THIS REPORT HAS BEEN PROVIDED TO THE FBI, FINCEN, FTC, FEC, SEC, OGE, DOJ, INTERPOL AND CONGRESSIONAL INVESTIGATORS (THE MASTER REPORT IS OVER 2000 PAGES). SEE WHY:
TOXIC COMPANIES (LINK)
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HERE IS ANOTHER PERSON WITH AN THOUGHT ON THESE GUYS: 190708-Filed Complaint Loomer Corruption, Bribery, Payola, Sex Trafficking, Politicians – THE TECH SEX CULT AND ABUSES
- Facebook’s recent transparency report revealed that it took down 5.4 billion accounts in 2019 thus far, a huge jump from 2018’s 3.3 billion removals.
- Facebook claims that this jump in take-downs is due to improved methods for identifying fake accounts, but it has to be assumed that some are still slipping through the cracks.
- What are the primary activities of these fake accounts?
Recently, Facebook CEO Mark Zuckerberg revealed that the social media company’s main platform has removed 5.4 billion fake accounts this year, dwarfing the 3.3 billion they removed in all of 2018. Many of these accounts were flagged as fake simply because of user misclassification — Facebook does not permit nonhuman entities to have accounts, only pages. However, a significant amount of the banned accounts were malicious, representing scammers or distributors of fake news. In total, Facebook’s recent transparency report estimated that 5 percent of its current active monthly users are fake, however, outsiders estimate that figure to be much higher — potentially as high as 20 percent.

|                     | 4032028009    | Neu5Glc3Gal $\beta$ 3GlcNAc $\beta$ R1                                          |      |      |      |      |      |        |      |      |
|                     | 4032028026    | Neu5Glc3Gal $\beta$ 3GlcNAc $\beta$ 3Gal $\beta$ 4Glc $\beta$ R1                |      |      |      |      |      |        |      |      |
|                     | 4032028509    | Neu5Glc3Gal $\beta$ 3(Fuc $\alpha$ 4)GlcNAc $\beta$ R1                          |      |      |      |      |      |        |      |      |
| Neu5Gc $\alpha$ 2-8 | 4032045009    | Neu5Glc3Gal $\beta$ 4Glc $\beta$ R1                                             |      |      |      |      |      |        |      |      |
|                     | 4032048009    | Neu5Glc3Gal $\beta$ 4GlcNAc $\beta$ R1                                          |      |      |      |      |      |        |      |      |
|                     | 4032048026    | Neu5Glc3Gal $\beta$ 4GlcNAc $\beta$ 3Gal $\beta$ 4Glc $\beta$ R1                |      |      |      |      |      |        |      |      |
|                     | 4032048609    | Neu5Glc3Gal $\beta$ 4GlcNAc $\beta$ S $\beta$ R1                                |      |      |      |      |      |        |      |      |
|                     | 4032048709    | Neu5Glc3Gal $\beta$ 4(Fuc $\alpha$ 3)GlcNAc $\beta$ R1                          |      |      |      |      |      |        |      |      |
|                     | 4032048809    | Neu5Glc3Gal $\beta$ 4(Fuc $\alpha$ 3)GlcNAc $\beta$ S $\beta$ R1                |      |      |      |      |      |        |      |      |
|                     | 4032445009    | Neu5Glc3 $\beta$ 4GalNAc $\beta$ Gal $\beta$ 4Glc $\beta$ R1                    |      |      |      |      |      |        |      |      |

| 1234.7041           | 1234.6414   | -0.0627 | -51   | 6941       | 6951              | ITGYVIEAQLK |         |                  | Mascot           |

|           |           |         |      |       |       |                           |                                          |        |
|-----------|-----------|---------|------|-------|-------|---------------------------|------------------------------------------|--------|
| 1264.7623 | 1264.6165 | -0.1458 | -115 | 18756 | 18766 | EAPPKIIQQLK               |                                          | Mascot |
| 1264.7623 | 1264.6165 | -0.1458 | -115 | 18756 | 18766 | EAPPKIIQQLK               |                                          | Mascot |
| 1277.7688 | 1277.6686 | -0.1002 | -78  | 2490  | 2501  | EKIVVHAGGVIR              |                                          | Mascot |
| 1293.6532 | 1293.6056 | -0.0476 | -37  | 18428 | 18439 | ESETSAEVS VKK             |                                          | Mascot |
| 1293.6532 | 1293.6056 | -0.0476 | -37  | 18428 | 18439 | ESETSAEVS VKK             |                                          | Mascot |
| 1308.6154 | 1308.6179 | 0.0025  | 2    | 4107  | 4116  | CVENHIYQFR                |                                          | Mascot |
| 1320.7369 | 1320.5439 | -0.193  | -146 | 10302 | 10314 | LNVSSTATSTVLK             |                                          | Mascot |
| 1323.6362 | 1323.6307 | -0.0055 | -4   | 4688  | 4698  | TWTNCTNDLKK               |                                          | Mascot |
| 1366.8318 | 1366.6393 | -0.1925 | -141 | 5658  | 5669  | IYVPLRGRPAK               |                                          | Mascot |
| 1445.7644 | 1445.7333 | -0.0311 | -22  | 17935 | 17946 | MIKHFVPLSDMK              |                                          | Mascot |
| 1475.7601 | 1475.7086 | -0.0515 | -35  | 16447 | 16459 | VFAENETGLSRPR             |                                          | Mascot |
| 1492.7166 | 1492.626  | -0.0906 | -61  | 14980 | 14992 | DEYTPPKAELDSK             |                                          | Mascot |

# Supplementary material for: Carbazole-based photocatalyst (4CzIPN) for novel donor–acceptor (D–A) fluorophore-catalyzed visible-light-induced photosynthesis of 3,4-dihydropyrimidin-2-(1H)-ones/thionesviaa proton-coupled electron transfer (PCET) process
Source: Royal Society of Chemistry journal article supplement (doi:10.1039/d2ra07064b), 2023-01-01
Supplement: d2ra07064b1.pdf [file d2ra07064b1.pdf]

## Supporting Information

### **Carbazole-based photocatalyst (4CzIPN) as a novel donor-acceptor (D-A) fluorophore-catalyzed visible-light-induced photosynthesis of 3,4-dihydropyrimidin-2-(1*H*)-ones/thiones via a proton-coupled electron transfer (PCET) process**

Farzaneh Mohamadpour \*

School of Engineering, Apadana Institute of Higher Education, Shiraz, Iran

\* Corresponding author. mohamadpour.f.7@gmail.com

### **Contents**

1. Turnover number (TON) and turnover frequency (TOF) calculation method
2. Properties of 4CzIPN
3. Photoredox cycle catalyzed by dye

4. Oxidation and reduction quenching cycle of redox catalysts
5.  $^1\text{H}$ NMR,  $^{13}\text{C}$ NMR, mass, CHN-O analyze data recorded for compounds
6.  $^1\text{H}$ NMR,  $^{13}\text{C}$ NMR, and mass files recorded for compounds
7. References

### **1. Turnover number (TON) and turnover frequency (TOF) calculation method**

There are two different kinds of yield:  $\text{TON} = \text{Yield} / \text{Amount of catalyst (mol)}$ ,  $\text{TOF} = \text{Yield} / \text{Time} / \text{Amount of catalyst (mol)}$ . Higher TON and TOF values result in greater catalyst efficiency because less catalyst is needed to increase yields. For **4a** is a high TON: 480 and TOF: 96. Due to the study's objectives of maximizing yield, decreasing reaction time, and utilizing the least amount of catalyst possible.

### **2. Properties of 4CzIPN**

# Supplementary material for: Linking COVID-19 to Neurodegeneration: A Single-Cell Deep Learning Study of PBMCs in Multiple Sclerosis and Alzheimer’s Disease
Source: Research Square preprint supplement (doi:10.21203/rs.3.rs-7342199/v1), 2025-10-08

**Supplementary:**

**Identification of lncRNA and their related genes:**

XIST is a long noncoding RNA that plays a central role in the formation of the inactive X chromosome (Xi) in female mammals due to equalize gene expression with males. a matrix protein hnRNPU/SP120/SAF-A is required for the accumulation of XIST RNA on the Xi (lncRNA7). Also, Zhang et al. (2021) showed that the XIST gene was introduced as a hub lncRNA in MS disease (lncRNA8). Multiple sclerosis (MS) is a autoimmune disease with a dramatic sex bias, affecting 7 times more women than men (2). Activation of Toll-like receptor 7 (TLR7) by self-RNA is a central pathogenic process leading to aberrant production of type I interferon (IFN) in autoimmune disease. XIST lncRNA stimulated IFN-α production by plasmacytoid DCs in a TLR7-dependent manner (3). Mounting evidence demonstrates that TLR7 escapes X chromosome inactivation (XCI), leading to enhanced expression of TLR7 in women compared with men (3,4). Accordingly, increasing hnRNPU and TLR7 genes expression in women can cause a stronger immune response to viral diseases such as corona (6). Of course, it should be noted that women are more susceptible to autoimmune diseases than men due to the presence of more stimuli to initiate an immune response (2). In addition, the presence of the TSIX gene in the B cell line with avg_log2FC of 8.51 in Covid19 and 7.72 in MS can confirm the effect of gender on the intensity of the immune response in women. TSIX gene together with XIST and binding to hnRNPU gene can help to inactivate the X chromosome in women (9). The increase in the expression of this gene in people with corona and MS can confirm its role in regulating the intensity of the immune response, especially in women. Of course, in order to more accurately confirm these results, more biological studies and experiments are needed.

Facebook established its transparency report in 2013 as a response, in part, to Edward Snowden’s revelations of that year, in which he leaked information regarding widespread government surveillance programs. The transparency report offered a means of letting users know how frequently Facebook received government requests for data.
In recent years, however, more attention has been paid to the report’s focus on fake accounts and community standards as the social media company has been under fire for its role in the spread of fake news, the Cambridge Analytica scandal, and Russian interference in the 2016 election.